We do not address the question whether this issue was adequately preserved for appellate review. We do note, however, that the trial judge acted properly in denying the motion in this case. See Commonwealth v. Bumpus, 362 Mass. 672 (1972), judgment vacated and remanded on other grounds, 411 U.S. 945 (1973), aff'd on rehearing, 365 Mass. 66 (1974). Moreover, we believe that resort to the procedure established by G.L.c. 123, § 15, and clarified by the guidelines set out in Blaisdell v. Commonwealth, 372 Mass. 753 (1977), will adequately protect Haas' rights if he chooses at retrial to assert the defense of insanity.

b. Expert testimony. Haas attacks on several grounds the admission of the expert testimony of the Essex County medical examiner regarding the victims' time of death. First, he urges that the Commonwealth failed to establish that the witness possessed sufficient background, training and experience to qualify as an expert within his field. Second, he claims that the Commonwealth failed to demonstrate that there exists a developed and reliable field of knowledge on which the witness could draw in order to assist in the factfinding process. Finally, he argues that *563 the testimony was incompetent because it was formulated without the benefit of scientific theory or examination.

Qualification of a witness to offer an expert opinion on a given question is for determination of the judge as a preliminary issue of fact. Commonwealth v. Seit, ante, 83, 92 (1977). DeJesus v. Hamel, 349 Mass. 764 (1965). W.B. Leach & P.J. Liacos, Massachusetts Evidence 99-100 (4th ed. 1967). Such decisions are rarely reversed on appellate review. Commonwealth v. Seit, supra, and cases cited. The findings of the judge will stand unless the record contains no evidence which supports his conclusion. Commonwealth v. Banuchi, 335 Mass. 649, 655 (1957). In this case the judge's ruling is amply supported by the record. We perceive no error in permitting the medical examiner to testify.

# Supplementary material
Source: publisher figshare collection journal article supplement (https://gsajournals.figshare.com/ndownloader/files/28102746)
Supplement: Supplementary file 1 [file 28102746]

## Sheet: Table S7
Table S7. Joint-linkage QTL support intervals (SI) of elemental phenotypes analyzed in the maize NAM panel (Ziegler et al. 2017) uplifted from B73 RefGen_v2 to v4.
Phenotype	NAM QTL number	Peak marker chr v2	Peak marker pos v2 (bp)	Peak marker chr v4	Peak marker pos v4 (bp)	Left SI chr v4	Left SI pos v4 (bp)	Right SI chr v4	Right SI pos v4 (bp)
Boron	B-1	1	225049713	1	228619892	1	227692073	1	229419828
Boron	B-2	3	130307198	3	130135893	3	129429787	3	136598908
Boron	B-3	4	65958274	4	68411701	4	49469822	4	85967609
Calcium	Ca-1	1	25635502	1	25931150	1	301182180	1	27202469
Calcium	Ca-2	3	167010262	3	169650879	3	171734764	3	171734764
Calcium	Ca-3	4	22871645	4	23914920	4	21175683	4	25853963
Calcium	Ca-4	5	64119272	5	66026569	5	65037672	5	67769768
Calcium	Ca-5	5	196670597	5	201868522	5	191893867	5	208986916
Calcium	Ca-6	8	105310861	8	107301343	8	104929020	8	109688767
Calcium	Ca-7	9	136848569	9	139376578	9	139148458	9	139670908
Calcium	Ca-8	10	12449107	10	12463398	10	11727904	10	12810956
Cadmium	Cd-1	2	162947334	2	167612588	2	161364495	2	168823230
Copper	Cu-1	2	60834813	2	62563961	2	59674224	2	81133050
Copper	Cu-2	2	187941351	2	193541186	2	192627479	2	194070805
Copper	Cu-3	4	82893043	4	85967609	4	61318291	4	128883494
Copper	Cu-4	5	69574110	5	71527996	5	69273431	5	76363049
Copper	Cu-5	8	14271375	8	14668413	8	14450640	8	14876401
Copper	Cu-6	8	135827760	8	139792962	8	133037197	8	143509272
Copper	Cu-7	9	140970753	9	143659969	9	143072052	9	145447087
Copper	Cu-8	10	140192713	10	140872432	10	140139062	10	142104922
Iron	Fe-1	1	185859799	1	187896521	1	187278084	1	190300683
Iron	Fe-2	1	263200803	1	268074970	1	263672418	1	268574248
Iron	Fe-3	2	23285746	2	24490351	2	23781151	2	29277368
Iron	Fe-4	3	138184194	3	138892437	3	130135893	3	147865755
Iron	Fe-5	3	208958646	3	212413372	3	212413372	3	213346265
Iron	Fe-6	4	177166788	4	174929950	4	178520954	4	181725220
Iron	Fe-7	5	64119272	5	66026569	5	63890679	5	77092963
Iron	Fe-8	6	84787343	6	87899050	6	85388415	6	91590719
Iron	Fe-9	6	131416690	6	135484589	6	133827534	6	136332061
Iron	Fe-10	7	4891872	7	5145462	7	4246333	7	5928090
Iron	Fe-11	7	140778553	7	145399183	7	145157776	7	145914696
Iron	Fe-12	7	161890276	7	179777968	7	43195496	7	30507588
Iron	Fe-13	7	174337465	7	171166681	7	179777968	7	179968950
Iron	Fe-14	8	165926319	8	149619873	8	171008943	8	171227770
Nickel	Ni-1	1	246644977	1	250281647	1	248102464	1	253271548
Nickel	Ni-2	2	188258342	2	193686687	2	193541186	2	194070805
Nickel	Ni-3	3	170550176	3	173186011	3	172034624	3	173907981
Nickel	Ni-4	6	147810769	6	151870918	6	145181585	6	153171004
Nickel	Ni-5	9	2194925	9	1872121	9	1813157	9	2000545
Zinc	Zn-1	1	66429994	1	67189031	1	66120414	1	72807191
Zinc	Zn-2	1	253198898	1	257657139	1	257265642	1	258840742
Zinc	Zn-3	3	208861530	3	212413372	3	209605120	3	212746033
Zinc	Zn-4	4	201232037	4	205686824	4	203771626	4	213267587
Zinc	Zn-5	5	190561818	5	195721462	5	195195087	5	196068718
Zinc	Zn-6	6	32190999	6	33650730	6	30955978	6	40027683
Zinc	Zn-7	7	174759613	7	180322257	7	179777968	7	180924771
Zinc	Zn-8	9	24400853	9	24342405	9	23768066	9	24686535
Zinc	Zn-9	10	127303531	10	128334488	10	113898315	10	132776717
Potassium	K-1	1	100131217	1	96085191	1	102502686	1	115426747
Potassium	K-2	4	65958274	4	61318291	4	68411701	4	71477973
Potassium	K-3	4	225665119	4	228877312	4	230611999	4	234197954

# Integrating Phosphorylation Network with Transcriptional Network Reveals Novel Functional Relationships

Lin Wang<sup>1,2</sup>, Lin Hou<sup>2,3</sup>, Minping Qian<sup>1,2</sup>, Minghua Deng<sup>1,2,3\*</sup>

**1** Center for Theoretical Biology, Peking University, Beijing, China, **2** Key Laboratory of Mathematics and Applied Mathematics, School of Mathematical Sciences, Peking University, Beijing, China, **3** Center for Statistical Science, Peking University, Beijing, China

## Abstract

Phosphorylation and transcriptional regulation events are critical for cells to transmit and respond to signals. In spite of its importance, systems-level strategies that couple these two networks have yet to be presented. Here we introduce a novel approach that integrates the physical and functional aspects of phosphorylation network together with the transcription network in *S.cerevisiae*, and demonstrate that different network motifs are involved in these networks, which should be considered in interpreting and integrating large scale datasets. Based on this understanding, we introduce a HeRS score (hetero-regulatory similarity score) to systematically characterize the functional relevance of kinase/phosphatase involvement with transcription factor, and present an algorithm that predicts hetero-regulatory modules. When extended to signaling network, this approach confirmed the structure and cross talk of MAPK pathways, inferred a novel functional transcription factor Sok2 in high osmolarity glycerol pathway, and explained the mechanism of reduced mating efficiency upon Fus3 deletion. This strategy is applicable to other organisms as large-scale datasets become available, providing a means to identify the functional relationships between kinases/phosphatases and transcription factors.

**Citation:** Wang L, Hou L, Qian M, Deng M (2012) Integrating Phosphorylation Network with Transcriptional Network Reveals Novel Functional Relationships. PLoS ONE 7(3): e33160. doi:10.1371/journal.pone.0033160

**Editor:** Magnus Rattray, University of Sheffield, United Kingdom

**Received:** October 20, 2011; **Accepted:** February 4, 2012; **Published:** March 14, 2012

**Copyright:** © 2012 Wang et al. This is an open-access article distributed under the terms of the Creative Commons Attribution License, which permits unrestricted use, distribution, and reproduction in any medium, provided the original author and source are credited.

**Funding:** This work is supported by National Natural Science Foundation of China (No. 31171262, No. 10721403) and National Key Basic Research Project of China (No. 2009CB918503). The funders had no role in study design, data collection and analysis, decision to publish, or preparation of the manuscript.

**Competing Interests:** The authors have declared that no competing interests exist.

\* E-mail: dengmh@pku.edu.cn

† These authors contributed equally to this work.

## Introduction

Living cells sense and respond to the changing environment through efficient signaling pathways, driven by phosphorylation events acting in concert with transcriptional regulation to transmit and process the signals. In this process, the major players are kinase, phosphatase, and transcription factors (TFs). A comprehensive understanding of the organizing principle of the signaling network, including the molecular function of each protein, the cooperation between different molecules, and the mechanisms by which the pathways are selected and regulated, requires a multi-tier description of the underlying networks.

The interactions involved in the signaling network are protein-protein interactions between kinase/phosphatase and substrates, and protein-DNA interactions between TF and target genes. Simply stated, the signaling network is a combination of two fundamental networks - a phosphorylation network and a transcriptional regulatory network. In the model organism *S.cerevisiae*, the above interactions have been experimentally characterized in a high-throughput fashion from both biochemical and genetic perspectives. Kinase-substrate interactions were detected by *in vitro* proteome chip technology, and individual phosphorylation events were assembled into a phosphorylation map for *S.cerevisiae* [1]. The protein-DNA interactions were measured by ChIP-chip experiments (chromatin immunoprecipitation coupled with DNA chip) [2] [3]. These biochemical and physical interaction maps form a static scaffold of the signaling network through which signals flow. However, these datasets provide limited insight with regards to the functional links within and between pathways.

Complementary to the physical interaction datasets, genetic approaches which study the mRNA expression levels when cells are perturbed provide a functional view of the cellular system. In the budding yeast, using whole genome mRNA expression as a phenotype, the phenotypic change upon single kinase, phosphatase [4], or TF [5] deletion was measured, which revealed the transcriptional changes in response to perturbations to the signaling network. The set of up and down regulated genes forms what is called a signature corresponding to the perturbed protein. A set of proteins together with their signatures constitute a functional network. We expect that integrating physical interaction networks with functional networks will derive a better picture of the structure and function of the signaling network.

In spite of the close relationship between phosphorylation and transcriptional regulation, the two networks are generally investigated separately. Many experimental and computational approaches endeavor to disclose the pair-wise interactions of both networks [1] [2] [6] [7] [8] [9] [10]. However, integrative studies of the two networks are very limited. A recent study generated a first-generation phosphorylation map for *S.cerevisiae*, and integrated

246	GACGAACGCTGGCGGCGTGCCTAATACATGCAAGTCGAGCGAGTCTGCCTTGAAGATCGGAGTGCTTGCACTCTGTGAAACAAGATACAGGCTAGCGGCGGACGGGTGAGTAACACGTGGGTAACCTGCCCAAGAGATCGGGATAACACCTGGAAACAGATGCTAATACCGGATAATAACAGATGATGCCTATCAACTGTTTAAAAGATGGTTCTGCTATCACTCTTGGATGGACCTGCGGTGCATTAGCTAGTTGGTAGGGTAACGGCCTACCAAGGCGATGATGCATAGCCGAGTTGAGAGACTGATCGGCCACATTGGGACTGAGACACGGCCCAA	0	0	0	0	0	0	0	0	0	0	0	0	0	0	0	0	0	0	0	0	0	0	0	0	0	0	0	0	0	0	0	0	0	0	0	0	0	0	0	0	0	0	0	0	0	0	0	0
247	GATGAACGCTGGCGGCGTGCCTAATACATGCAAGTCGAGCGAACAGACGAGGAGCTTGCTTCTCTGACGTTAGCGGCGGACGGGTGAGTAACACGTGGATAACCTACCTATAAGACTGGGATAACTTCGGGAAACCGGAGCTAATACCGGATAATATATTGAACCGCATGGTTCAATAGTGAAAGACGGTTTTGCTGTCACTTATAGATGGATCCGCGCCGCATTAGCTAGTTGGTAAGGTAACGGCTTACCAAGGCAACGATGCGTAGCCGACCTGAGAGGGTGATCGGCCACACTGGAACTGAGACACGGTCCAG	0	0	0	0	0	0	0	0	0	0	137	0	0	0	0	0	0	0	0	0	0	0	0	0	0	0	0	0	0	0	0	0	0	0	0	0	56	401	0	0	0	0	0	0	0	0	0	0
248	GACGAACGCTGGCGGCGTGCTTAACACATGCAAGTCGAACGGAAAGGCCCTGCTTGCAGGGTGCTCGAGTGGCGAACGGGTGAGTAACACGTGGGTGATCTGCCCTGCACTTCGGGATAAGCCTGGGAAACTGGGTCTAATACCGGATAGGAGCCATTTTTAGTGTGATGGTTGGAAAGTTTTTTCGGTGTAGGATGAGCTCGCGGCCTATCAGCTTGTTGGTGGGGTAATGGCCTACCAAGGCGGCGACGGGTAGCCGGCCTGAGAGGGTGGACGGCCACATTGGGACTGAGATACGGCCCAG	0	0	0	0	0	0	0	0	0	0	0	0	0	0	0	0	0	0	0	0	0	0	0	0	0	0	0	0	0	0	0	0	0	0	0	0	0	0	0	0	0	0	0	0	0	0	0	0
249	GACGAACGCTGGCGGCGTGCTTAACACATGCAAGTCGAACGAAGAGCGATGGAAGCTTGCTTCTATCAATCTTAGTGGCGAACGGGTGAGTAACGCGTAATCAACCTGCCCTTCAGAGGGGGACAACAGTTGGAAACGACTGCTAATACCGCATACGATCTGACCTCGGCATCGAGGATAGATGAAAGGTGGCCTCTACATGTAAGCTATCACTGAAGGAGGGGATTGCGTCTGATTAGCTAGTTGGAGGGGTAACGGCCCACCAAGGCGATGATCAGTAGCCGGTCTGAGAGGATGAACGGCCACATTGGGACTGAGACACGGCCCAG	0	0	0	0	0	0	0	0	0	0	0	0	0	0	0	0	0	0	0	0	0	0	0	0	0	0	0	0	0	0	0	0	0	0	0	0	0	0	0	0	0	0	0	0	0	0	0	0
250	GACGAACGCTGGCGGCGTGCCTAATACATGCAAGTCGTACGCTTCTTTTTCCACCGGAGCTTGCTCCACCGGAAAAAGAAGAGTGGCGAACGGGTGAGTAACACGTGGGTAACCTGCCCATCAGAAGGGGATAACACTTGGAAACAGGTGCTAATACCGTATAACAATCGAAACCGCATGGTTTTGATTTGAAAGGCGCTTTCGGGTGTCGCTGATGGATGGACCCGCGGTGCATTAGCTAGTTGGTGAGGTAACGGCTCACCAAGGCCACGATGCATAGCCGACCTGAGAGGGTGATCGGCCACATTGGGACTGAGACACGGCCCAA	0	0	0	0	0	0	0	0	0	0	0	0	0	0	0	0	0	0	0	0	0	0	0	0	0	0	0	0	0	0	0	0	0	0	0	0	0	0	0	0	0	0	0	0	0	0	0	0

In the instant case, the expert witness, who in the course of his duty had occasion to examine the bodies at 10:45-10:48 A.M. on the day of the crimes, testified at trial that he had estimated death to have occurred "[s]ix to eight hours" earlier. Haas claims that this field of knowledge has not been developed to such an extent as to enable an expert to estimate so precisely the time of death; thus, reasons Haas, the expert's opinion on the issue was conjectural and speculative and should have been excluded. Closely related to this argument is Haas' assertion that, even were this field of knowledge sufficiently developed, the medical examiner's opinion should not have been admitted because it was formulated at the scene without benefit of any scientific testing. We do not believe that either of these grounds mandated the exclusion of the testimony. Though the defendant presented us with documentation to the contrary, there is substantial authority establishing the reliability of estimations of time of death, and recognition of the procedure need not be universal, nor must it be proved infallible. Commonwealth v. Fatalo, 346 Mass. 266, 270 (1963). Criticisms of the procedure and the manner in which the expert's opinion was formulated were proper subjects of cross-examination, but criticism of techniques followed does not mean that the judge erred in *564 admitting the testimony. Differences of opinion among expert witnesses merely create a jury question. Commonwealth v. Montecalvo, 367 Mass. 46, 54 (1975).